A recent report has said the south Indian city of Bangalore could be doomed, like Cape Town in South Africa, to face the threat of running out of drinking water. But is this really the case? The BBC's Imran Qureshi investigates.
The fact that Bangalore is under "water stress" cannot be denied. The term is used to refer to pressure on water resources which causes problems like shortages.
Officials and experts admit the growth of the city has put pressure on its water resources, particularly because in the last few years alone more than 100 villages have been absorbed into this rapidly expanding metropolis, known as India's Silicon Valley.
In 2012, nine million people lived in Bangalore. Now, there are 11 million.
Government officials say shortage of water is a very real problem, particularly in the peripheral areas of the city which are already dependant on tankers for drinking water supply.
These tankers get their supply from borewells, but as demand increases they are being forced to dig deeper and deeper to find water.
The Bangalore water supply and sewerage board ( BWSSB), the agency that provides drinking water and manages the city's sewage system, acknowledges that in 2014, a survey predicted Bangalore was on the verge of running out of water.
But, they say the situation has changed since then - one critical government decision just may have staved off complete disaster, at least for now.
In 2013, the government decided to divert an additional 10 thousand million cubic feet of water from the Cauvery river to Bangalore for its drinking water needs. The Cauvery is the principal source of water for not just the city, but also for the irrigation needs of much of Karnataka state where Bangalore is located.
And Cauvery water is precious. The state has been involved for more than a century in a dispute over sharing water resources from the river with neighbouring Tamil Nadu state.
The Supreme Court has had to intervene on multiple occasions, but has also permitted states to prioritise the use of water for drinking purposes.
"The current supply of water to Bangalore amounts to about 100 litres of water per person per day," Tushar Girinath, chairman of the water supply board, told the BBC.
Officials estimate that by diverting the river water, the city will gain a little more than 50% of its current supply. The project, called "Cauvery Water Supply Stage Five", is funded by the Japanese International Cooperation Agency.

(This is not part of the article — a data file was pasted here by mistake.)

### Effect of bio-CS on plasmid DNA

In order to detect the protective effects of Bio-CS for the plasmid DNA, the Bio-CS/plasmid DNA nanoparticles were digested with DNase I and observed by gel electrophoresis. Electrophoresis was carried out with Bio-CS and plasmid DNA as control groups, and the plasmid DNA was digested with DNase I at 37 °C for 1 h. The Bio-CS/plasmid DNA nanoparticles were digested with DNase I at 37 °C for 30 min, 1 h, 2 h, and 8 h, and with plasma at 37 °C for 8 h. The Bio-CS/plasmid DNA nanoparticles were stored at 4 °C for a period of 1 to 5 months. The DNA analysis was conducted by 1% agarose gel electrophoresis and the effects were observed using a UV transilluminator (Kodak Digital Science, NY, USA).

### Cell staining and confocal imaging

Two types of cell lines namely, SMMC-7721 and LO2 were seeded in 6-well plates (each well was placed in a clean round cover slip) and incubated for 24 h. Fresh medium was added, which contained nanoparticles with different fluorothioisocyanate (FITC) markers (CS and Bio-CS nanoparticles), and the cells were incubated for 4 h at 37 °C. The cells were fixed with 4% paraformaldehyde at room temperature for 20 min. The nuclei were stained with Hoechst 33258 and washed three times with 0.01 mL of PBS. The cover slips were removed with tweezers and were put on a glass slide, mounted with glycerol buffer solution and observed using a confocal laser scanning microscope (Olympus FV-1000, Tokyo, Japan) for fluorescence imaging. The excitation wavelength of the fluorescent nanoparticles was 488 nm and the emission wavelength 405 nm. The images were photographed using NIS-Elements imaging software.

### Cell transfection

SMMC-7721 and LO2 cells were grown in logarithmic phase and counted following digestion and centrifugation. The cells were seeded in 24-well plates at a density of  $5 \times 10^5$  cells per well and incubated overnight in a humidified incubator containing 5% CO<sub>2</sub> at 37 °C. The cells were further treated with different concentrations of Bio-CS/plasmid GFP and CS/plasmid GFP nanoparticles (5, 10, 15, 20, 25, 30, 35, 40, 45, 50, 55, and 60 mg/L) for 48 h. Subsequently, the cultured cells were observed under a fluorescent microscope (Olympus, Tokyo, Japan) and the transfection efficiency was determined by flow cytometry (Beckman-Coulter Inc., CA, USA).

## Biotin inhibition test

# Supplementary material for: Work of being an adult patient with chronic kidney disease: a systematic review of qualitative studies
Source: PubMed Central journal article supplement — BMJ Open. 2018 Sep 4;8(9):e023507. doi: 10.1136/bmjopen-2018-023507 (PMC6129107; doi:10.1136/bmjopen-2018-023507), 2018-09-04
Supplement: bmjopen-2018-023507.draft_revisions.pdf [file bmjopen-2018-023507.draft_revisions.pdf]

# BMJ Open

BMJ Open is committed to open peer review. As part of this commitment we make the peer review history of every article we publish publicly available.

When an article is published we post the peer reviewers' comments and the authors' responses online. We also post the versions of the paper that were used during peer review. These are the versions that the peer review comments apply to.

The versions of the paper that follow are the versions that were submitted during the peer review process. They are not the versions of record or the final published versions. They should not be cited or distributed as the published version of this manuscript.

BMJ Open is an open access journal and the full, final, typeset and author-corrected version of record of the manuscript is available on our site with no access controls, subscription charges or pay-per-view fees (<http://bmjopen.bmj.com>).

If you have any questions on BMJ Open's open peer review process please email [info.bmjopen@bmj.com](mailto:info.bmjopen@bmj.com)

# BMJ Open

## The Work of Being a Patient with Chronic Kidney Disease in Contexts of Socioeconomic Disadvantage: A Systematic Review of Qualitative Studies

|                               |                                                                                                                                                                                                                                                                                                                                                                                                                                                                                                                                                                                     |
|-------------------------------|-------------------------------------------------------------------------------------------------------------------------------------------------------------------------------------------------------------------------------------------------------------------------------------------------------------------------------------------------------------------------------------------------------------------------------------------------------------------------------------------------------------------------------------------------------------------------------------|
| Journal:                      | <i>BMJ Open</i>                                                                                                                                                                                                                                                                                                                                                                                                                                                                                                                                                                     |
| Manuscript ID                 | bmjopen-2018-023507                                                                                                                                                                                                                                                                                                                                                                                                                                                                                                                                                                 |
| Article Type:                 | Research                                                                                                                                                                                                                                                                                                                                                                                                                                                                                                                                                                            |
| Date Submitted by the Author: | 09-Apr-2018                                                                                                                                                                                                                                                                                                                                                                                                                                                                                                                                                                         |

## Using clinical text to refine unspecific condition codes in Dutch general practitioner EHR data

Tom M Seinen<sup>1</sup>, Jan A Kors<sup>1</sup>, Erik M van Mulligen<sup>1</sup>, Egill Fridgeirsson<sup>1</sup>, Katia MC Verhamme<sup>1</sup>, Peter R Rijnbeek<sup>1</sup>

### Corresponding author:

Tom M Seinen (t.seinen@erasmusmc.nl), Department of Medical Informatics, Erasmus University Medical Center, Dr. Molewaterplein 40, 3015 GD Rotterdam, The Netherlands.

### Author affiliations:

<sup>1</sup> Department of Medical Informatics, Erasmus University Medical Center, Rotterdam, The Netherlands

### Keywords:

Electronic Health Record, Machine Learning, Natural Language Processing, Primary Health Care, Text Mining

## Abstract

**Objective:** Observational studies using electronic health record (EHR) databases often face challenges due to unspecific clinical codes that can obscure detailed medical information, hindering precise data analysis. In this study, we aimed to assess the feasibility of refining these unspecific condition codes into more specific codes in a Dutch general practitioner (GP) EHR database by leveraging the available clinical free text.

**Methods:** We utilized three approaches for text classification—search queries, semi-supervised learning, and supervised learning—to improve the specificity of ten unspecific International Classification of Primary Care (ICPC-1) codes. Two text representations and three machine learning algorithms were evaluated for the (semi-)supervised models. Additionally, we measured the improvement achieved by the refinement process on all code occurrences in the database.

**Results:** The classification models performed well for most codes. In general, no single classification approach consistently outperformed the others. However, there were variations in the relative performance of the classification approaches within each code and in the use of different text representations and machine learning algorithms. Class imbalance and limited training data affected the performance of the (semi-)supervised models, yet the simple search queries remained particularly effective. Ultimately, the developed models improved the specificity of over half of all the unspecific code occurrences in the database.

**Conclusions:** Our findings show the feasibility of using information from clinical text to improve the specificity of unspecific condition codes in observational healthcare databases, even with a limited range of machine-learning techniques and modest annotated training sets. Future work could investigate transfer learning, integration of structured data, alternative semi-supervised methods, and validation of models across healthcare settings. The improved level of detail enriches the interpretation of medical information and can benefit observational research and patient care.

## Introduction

The additional supply is expected to help Bangalore provide drinking water to a 225 sq km (87 sq-mile) area that is currently dependent upon water supplied via borewells and tankers.
In addition to the additional supply from the Cauvery, the city will in the next 18 months also receive water from another river called the Nethravati.
Mr Girinath said this would make the water position of the city more "comfortable".
"Yes, we will face some water stress until 2023. But we certainly are not facing a crisis, because we are augmenting the supply," he said.
Officials say the plan has taken the rapid growth of the city into account.
Merely increasing supply will not be enough to ensure Bangalore has adequate water supply though. The city's residents also need to participate in conservation and harvesting efforts. But this has not been the case so far.
The water board has run massive campaigns promoting rainwater harvesting in an effort to help replenish ground water supplies. But this has got a disappointing response.
It is mandatory for people to construct rainwater harvesting facilities at their homes, but this is often ignored. The board in fact, collects a sum of more than 20m rupees (about $300,000; £222,000) in fines every month from people who have not complied.
"Bangalore's annual rainfall alone could give the city 2,740 million litres of water a day," Vishwanath Srikantaiah, a water expert, told the BBC.
Mr Girinath adds that people will also have to begin recycling water using their own sewage treatment plants.
"They will also have to understand that the board cannot provide treated water. Our sewage treatment plants are so huge that we have set them up outside the city. So, we expect people living in complexes housing 50 or more apartments to construct smaller plants to treat water for their own needs," he said.
A sewage treatment plant small enough to be used by an apartment costs around 750,000 rupees to install.
People living in smaller houses or slums will get free treated water from the water board.
"Of the 100 litres used by every person per day, people need only 20 litres for cooking, drinking water and bathing purposes. The remaining 80 litres is used for non-potable purposes like flushing toilets, cleaning floors and washing cars,'' BN Tyagaraja, who headed an expert panel to look for additional water sources, told the BBC.
"The citizens have to realise that water is a scarce commodity. Not just in Bangalore but across the world. We need to conserve water," he said.
Mr Srikantaiah agrees.
"Bangalore is not likely to run out of water but we will have to manage it well," he says.